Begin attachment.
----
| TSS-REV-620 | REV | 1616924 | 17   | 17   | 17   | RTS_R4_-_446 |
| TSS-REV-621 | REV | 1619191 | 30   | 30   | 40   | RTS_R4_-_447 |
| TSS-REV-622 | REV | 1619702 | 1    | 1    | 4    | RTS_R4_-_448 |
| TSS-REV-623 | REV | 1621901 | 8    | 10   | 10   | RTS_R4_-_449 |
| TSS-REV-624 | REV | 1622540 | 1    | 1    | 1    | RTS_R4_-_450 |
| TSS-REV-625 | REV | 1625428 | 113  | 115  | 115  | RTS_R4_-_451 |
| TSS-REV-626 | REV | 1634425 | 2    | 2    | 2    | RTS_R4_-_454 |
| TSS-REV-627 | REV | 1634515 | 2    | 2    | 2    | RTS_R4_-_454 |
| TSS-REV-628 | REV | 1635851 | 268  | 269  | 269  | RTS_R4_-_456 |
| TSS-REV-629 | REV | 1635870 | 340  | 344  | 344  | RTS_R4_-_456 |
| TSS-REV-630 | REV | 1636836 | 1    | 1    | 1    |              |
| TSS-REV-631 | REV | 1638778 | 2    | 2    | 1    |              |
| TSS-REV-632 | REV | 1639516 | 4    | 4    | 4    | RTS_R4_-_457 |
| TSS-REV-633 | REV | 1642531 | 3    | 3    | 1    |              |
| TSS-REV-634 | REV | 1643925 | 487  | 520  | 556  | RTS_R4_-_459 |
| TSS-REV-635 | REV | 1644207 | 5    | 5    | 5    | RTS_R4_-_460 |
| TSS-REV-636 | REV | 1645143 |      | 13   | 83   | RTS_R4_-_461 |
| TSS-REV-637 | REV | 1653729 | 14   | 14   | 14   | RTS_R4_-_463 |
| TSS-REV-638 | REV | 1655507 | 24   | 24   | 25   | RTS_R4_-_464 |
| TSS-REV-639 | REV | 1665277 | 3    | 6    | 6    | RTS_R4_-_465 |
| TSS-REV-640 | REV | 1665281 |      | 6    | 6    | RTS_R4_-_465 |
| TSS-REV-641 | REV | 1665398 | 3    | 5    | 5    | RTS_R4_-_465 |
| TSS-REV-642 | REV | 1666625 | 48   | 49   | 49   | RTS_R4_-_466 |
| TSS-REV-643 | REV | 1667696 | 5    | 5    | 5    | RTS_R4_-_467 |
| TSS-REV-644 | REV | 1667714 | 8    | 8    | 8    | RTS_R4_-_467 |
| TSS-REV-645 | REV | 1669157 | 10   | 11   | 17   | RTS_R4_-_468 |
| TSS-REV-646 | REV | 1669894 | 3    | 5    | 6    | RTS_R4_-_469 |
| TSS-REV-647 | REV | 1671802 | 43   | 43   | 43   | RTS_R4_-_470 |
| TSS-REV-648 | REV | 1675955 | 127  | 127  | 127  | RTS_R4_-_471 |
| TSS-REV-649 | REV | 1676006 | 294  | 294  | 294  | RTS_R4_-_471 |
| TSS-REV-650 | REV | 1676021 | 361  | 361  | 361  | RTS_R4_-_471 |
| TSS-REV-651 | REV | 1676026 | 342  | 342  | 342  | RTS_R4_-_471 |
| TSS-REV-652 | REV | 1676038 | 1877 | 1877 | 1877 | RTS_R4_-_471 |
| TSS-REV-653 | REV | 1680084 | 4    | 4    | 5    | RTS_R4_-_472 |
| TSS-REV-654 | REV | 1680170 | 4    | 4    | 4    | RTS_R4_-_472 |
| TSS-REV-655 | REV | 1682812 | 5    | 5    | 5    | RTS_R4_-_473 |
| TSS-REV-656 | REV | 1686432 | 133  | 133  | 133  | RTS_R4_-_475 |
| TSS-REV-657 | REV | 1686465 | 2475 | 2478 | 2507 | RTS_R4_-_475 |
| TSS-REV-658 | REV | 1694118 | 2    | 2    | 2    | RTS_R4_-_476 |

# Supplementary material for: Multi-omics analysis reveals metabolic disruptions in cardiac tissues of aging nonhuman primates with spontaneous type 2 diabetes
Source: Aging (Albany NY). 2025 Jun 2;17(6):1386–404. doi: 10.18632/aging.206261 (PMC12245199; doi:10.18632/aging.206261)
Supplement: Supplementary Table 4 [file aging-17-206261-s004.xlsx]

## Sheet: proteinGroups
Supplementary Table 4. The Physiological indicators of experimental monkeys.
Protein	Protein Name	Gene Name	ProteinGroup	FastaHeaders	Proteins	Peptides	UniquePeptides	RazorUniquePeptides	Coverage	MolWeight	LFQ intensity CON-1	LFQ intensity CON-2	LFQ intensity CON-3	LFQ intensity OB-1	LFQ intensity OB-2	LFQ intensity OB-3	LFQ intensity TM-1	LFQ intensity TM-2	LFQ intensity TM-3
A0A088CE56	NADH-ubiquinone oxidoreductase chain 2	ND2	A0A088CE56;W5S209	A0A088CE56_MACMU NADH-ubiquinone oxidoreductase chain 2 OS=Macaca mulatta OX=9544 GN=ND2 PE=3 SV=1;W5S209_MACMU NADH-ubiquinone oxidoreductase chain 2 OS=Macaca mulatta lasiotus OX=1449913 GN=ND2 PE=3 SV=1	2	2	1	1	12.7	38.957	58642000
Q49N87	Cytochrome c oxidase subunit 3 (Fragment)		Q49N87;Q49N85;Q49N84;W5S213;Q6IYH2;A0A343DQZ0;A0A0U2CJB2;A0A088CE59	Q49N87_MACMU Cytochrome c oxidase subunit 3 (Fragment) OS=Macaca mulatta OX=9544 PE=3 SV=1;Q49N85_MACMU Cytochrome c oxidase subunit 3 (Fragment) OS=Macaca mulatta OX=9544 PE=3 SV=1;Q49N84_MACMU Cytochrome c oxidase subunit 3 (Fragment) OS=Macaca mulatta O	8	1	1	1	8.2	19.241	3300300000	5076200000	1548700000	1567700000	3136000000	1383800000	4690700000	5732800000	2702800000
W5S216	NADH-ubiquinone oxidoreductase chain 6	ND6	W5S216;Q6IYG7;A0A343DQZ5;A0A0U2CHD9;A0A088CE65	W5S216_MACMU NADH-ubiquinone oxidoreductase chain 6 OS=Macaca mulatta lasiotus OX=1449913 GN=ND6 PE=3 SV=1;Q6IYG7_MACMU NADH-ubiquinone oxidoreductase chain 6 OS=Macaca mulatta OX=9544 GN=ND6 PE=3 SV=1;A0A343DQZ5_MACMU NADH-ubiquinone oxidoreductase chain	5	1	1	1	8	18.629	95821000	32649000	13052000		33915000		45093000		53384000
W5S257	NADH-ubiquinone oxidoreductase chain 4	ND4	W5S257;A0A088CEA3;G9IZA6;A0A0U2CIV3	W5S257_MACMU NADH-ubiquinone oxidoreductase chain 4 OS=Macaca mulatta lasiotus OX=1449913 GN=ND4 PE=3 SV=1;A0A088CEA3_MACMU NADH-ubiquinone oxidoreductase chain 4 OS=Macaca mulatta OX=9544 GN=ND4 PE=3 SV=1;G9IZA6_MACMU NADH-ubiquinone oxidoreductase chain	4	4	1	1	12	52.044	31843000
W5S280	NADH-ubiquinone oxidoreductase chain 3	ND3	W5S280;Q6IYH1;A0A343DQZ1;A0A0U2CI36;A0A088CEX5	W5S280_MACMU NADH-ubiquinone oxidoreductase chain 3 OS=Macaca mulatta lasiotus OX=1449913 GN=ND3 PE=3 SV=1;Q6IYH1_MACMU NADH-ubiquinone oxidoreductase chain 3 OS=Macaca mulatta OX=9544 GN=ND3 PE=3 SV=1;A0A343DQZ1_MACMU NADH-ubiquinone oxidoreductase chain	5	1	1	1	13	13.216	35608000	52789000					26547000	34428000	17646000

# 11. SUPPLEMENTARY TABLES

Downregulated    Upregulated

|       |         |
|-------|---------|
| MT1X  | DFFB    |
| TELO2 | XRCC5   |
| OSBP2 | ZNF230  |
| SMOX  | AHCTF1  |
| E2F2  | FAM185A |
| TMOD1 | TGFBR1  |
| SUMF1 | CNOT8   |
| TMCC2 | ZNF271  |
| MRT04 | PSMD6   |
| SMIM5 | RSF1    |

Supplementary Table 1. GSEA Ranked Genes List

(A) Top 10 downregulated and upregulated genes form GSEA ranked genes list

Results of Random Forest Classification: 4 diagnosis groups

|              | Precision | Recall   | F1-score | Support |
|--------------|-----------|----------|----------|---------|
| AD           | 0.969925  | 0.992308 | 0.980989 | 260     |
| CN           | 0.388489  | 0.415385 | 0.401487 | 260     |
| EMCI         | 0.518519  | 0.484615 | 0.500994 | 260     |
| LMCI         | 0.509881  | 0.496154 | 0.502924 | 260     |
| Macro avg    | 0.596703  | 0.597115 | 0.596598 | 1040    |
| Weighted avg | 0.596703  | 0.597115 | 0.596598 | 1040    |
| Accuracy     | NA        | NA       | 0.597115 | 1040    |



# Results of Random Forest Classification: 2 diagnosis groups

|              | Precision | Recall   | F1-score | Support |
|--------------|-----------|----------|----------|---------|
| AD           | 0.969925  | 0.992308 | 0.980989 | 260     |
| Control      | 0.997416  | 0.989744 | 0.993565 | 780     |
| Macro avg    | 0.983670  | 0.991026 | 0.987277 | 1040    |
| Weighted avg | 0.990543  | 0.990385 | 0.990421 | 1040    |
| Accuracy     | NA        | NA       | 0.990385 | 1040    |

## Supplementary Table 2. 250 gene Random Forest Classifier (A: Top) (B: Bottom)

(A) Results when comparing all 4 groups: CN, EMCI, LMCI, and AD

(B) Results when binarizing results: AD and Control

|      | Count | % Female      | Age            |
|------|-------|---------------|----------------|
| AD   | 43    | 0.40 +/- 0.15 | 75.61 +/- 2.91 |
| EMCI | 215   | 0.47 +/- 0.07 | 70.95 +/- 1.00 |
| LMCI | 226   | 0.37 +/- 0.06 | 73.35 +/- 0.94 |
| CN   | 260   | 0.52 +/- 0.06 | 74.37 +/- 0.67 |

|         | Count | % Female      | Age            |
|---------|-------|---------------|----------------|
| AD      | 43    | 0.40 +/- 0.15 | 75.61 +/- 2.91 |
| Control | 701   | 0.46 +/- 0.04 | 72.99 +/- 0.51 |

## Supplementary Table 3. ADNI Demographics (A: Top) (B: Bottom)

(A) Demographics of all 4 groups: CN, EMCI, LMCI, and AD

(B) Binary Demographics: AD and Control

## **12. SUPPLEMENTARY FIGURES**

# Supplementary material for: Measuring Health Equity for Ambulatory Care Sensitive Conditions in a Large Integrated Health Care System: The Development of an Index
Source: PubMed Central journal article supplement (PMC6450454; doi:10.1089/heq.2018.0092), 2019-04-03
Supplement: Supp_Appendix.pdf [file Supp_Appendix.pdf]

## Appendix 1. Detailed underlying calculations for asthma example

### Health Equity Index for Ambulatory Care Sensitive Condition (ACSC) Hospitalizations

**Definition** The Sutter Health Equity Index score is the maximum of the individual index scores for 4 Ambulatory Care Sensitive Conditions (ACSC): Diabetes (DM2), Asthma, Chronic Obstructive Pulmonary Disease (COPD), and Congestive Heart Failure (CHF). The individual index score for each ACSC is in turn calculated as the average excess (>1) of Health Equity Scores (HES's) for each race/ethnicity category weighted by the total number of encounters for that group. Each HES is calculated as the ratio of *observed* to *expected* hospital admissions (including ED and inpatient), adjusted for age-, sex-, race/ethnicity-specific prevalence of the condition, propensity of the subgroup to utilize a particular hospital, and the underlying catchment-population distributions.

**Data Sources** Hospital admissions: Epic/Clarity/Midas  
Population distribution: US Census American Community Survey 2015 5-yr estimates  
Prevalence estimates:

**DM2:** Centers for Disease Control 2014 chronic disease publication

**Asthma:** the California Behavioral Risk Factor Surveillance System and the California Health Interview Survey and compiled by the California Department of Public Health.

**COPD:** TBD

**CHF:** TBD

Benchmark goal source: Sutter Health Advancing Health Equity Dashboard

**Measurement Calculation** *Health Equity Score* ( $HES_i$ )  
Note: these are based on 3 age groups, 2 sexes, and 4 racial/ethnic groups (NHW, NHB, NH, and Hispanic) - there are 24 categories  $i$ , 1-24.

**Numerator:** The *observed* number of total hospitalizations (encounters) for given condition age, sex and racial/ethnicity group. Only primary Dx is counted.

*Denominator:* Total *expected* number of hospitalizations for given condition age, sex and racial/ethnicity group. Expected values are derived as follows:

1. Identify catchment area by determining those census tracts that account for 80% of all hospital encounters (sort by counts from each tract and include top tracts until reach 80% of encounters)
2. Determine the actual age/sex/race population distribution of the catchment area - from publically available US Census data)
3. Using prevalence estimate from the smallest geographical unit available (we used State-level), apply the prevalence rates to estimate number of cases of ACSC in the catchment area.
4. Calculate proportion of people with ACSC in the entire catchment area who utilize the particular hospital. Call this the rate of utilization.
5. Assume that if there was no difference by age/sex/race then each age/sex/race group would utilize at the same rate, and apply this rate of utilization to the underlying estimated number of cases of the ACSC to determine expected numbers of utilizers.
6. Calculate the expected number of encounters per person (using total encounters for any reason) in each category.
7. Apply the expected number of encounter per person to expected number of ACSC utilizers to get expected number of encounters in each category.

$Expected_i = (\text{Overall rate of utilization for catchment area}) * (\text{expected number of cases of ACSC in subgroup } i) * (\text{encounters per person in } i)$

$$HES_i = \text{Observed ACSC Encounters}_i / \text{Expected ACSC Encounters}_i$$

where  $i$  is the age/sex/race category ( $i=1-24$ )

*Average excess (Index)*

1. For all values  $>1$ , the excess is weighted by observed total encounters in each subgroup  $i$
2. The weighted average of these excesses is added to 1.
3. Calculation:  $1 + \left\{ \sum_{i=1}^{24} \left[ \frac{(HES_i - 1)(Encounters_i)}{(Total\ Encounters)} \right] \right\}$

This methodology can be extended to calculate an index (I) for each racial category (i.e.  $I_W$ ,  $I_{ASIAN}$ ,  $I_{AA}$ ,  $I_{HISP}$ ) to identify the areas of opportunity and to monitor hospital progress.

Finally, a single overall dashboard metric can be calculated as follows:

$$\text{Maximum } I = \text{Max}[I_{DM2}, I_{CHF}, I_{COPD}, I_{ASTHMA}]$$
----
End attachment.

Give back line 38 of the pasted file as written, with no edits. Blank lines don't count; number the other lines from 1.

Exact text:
| TSS-REV-657 | REV | 1686465 | 2475 | 2478 | 2507 | RTS_R4_-_475 |